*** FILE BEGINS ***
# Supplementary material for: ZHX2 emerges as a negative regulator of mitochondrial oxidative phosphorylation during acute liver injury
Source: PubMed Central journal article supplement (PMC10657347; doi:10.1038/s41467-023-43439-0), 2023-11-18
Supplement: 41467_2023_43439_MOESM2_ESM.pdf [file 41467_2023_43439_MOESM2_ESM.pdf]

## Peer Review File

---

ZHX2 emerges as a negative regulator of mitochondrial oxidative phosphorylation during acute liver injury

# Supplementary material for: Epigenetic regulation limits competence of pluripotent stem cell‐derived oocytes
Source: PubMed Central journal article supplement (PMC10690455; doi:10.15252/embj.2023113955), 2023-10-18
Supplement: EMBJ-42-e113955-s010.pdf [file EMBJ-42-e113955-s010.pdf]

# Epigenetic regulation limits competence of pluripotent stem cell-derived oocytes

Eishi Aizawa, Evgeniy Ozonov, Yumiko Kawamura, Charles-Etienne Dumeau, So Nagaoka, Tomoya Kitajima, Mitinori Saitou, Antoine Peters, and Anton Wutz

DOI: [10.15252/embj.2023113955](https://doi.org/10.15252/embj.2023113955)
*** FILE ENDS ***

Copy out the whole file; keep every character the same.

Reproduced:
# Supplementary material for: ZHX2 emerges as a negative regulator of mitochondrial oxidative phosphorylation during acute liver injury
Source: PubMed Central journal article supplement (PMC10657347; doi:10.1038/s41467-023-43439-0), 2023-11-18
Supplement: 41467_2023_43439_MOESM2_ESM.pdf [file 41467_2023_43439_MOESM2_ESM.pdf]

## Peer Review File

---

ZHX2 emerges as a negative regulator of mitochondrial oxidative phosphorylation during acute liver injury

# Supplementary material for: Epigenetic regulation limits competence of pluripotent stem cell‐derived oocytes
Source: PubMed Central journal article supplement (PMC10690455; doi:10.15252/embj.2023113955), 2023-10-18
Supplement: EMBJ-42-e113955-s010.pdf [file EMBJ-42-e113955-s010.pdf]

# Epigenetic regulation limits competence of pluripotent stem cell-derived oocytes

Eishi Aizawa, Evgeniy Ozonov, Yumiko Kawamura, Charles-Etienne Dumeau, So Nagaoka, Tomoya Kitajima, Mitinori Saitou, Antoine Peters, and Anton Wutz

DOI: [10.15252/embj.2023113955](https://doi.org/10.15252/embj.2023113955)